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Studies performed in developed countries leave no doubt that bacterial vaginosis plays an important role in pregnancy complications and Gardnerella vaginalis is still considered to be one of the major bacteria causing this infection (Sullivan et al., 2000). In the present study, success in cultivating Gardnerella vaginalis was the major marker that differentiated doubtful from definite findings obtained by the standard criteria. For instance, by applying Nugent et al (1991) scoring system we identified 69% out of our total population of 100 as having abnormal vaginal flora and therefore meeting the criterion for bacterial vaginosis. However, Gardnerella vaginalis was detectable and cultivable in only 14 (14%). Having said that, the earlier criteria is of equal importance as it assists in objectively interpreting confusing vaginal smears, though for better assumption, it should be used in conjunction with the culture of the ultimate biological marker Gardnerella vaginalis. Modak et al (2011), however, reported the presence of clue cells to best correlates with a positive diagnosis by Nugent's score. Relative to the other causes of infectious vaginitis, episodes of vaginal candidiasis were more common in this population; we identified a prevalence of 73%. This is probably explained by the fact that all participating women were pregnant, and it is known that pregnancy represents a risk factor in the occurrence of vaginal candidiasis (Fonck et al., 2000). Candidiasis is associated with an increased risk of delivery complications. In some studies, pregnant women are found more symptomatic than non-pregnant women, but in others a higher prevalence of asymptomatic infections is described during pregnancy. Of course, most our participants were not admitted with clear complains of symptoms. In a study conducted by Moaiedmohseni et al (2012), 36% of women attending antenatal clinics were found to have vaginal infections and Shrestha et al (2011) reported 39%. These findings are in full agreement with ours; we identified 70%. Among those having vaginal infections, Moaiedmohseni and colleagues detected candidiasis in 26.4% and bacterial vaginosis in 8%. We also detected candidiasis in 40%, bacterial vaginosis in 14%. Proper diagnosis and treatment of infectious vaginitis can be difficult if based on clinical symptoms and character of the vaginal discharge alone, nevertheless, it is a common practice in Sudan. Globally, the clinical diagnosis of infectious vaginitis, in addition to the physical exam and the appearance of vaginal discharge, has traditionally relied on tests performed at point of care, such as a microscopic exam using wet mount, a potassium hydroxide amine odour test, and a pH test of vaginal fluid, as well as laboratory diagnosis via cultures and scored Gram stains (Hillier, 1994). In the current study, we intended to apply these internationally known, but locally unknown, standard techniques to demonstrate their usefulness in the routine work-up of vaginal specimens in Sudan. Rania, et al., 2014: Vol 2(10)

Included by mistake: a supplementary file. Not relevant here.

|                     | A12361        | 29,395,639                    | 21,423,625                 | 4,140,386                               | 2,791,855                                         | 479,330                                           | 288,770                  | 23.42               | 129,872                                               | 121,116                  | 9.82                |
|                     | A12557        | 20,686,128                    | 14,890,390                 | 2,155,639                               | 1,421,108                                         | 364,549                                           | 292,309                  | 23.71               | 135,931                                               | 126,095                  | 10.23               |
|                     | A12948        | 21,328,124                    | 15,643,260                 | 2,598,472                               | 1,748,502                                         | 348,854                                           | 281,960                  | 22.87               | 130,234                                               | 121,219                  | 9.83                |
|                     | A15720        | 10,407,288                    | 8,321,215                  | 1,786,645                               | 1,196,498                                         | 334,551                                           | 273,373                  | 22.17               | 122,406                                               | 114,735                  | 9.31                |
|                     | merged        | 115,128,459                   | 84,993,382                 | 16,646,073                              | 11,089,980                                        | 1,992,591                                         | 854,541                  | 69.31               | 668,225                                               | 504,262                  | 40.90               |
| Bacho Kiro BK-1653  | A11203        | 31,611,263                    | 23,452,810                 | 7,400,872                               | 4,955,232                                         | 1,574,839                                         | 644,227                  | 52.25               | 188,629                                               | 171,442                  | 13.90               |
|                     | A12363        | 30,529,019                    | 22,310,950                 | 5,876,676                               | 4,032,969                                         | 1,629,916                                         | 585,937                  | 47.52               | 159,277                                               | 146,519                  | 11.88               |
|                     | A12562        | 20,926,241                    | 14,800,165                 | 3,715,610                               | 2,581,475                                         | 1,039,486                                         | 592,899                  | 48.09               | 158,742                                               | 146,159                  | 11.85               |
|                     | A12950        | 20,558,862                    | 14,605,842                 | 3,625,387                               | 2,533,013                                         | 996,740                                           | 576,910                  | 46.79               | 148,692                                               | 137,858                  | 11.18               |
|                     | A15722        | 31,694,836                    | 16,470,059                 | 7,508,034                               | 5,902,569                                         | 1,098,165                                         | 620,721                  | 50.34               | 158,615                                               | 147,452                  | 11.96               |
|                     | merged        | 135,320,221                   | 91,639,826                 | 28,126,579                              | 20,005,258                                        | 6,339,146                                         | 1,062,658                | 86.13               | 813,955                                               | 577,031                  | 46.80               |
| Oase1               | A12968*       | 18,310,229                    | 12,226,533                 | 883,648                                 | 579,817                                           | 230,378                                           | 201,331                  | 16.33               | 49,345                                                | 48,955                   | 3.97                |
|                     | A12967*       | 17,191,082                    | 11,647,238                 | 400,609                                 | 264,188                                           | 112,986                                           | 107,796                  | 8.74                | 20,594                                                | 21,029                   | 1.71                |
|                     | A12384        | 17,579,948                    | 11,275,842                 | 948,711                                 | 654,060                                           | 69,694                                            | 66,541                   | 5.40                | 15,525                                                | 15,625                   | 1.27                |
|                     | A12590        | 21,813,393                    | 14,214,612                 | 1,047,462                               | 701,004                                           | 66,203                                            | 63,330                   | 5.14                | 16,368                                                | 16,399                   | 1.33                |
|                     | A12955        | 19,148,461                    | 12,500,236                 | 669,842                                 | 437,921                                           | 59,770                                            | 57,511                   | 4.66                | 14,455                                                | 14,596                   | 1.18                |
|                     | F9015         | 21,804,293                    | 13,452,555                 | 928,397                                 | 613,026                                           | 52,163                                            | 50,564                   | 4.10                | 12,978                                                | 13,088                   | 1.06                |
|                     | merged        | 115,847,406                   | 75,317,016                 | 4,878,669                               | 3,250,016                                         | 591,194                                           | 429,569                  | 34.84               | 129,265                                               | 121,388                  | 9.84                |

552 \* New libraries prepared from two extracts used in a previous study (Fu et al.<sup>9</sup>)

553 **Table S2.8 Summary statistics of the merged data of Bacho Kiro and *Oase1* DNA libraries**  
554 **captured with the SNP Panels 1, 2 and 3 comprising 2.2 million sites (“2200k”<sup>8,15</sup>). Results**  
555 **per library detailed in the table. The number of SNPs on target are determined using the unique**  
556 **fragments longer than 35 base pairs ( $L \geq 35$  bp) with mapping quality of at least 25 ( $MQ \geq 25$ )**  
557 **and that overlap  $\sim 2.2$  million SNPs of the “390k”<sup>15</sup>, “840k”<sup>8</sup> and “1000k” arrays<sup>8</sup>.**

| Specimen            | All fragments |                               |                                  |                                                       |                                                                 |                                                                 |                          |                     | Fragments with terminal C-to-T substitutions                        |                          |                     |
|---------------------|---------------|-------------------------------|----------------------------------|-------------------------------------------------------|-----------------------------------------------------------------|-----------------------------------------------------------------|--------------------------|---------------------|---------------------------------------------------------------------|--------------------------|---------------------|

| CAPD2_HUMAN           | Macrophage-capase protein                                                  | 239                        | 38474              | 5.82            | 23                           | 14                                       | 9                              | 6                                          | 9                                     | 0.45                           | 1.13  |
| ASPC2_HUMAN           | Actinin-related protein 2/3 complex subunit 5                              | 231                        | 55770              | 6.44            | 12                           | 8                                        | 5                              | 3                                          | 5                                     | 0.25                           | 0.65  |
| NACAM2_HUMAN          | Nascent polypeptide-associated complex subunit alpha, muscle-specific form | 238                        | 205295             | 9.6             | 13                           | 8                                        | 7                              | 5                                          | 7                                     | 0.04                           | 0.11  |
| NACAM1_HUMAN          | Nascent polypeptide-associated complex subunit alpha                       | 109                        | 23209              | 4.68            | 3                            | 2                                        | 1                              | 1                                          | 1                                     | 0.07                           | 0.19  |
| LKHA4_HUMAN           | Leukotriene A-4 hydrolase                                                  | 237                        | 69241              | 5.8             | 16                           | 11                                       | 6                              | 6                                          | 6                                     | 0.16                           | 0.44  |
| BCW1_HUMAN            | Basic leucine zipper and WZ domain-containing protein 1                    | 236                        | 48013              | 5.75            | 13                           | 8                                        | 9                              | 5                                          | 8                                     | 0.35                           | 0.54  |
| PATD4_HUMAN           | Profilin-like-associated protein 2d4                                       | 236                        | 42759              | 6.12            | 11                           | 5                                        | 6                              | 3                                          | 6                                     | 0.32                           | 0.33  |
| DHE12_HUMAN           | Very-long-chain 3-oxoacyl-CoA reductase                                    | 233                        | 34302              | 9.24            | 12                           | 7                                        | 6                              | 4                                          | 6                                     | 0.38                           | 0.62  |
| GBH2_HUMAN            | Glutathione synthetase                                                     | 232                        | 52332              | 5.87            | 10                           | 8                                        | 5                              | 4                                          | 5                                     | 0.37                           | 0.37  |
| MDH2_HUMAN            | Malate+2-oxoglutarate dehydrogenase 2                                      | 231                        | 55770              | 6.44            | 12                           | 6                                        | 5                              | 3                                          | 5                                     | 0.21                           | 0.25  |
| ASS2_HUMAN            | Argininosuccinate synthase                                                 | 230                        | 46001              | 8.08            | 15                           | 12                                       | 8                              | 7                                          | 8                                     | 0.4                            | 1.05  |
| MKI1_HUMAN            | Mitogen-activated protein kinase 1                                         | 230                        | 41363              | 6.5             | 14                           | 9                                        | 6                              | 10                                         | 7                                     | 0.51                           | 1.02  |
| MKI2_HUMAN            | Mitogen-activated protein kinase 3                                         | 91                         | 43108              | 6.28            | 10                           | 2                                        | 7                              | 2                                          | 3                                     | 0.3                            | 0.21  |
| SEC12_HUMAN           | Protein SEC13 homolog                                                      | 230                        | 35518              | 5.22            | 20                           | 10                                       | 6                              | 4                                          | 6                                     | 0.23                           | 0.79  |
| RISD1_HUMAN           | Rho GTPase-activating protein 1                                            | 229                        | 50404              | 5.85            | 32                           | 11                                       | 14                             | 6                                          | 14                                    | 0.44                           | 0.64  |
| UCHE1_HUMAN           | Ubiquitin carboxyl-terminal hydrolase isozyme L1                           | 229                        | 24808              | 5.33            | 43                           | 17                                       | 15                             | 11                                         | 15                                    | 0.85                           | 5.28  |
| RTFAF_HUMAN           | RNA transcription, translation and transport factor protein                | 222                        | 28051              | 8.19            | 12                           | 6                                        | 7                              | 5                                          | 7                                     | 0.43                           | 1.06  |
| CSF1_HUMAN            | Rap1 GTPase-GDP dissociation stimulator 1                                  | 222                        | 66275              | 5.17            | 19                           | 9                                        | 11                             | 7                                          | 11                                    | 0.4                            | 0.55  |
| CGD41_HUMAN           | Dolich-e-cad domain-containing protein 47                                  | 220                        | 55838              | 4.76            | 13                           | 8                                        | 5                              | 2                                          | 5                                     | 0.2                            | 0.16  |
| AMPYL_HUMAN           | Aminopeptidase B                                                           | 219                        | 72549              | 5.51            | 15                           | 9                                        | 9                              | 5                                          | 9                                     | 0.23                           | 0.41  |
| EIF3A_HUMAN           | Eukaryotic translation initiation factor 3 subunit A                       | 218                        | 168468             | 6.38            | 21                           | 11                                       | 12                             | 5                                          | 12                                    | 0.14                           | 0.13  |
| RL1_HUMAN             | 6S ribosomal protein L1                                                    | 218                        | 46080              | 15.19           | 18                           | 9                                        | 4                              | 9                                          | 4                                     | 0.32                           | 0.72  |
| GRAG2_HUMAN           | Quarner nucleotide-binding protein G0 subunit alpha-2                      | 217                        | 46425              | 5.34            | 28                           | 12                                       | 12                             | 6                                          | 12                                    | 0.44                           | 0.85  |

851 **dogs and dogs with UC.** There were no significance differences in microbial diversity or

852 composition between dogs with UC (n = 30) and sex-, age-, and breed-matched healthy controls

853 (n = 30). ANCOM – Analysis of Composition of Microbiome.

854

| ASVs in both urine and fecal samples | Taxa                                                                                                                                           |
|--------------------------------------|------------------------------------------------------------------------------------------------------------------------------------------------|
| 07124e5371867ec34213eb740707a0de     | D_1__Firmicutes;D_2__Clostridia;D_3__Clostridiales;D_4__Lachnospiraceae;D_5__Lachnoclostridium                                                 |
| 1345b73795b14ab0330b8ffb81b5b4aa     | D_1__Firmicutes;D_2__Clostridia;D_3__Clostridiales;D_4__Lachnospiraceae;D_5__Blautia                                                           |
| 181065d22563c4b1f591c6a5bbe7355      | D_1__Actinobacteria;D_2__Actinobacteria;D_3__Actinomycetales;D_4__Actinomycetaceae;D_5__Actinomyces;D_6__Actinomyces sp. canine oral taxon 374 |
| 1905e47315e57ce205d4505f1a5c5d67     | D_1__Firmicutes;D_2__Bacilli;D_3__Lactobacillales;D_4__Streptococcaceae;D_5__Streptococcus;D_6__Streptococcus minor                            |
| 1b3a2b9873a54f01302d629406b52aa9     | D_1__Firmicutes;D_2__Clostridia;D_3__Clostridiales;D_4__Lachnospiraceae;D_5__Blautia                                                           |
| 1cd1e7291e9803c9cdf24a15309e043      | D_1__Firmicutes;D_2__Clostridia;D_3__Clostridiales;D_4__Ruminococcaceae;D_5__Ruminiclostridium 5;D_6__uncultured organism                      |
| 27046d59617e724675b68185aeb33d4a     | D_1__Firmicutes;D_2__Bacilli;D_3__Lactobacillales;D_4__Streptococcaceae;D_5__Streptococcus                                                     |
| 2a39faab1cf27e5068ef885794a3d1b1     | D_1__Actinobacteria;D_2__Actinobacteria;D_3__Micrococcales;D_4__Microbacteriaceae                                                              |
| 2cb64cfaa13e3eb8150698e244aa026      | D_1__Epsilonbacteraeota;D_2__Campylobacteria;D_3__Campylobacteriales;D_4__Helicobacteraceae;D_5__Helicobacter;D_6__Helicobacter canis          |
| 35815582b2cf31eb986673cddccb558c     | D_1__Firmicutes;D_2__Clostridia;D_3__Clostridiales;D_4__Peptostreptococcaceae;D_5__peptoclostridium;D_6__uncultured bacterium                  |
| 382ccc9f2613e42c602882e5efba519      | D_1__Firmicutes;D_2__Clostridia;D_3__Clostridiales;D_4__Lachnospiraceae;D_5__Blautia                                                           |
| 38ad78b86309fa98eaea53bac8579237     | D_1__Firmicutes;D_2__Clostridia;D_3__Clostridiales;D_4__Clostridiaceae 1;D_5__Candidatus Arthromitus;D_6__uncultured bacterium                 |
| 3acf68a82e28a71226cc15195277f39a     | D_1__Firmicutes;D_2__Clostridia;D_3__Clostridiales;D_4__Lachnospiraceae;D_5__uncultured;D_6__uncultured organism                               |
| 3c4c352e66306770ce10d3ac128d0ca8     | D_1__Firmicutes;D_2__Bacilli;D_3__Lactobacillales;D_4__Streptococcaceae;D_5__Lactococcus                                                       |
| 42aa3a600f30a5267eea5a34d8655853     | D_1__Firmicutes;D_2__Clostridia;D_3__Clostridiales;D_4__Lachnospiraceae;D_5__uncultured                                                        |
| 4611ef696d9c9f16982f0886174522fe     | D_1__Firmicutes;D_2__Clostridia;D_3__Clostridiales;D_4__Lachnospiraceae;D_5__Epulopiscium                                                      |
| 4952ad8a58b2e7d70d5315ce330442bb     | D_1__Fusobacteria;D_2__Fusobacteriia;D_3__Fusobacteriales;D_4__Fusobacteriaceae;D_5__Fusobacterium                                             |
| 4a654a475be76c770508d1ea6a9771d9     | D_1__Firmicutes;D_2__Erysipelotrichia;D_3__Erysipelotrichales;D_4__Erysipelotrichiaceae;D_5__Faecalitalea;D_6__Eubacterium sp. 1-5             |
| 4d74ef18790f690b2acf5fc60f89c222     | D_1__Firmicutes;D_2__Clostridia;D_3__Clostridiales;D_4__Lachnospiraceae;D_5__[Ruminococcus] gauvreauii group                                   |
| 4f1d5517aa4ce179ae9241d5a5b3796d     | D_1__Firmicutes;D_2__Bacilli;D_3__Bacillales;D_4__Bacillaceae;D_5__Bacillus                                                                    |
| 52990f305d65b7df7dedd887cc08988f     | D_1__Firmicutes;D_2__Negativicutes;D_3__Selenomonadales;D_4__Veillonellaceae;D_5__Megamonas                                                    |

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Conclusion According to the findings in the present study, we may conclude that; Typical biological features were observed when isolating and identifying, Gardnerella vaginalis and Candida albicans. Atypical clinical features for diagnosing vaginal infections were common. Combining and applying international clinical criteria and scoring systems support the final diagnosis. Vaginal candidiasis is the top frequent cause of vaginal infections among pregnant women in this study, followed by bacterial vaginosis. Therefore screening for vaginal infections in the routine checkup during pregnancy should be included and large trials are needed to clarify whether screening and treatment of vaginal infections improves maternal and neonatal outcomes. Also further research is needed to improve the sensitivity of existing methods and find reliable low-cost and easy-to-use ones.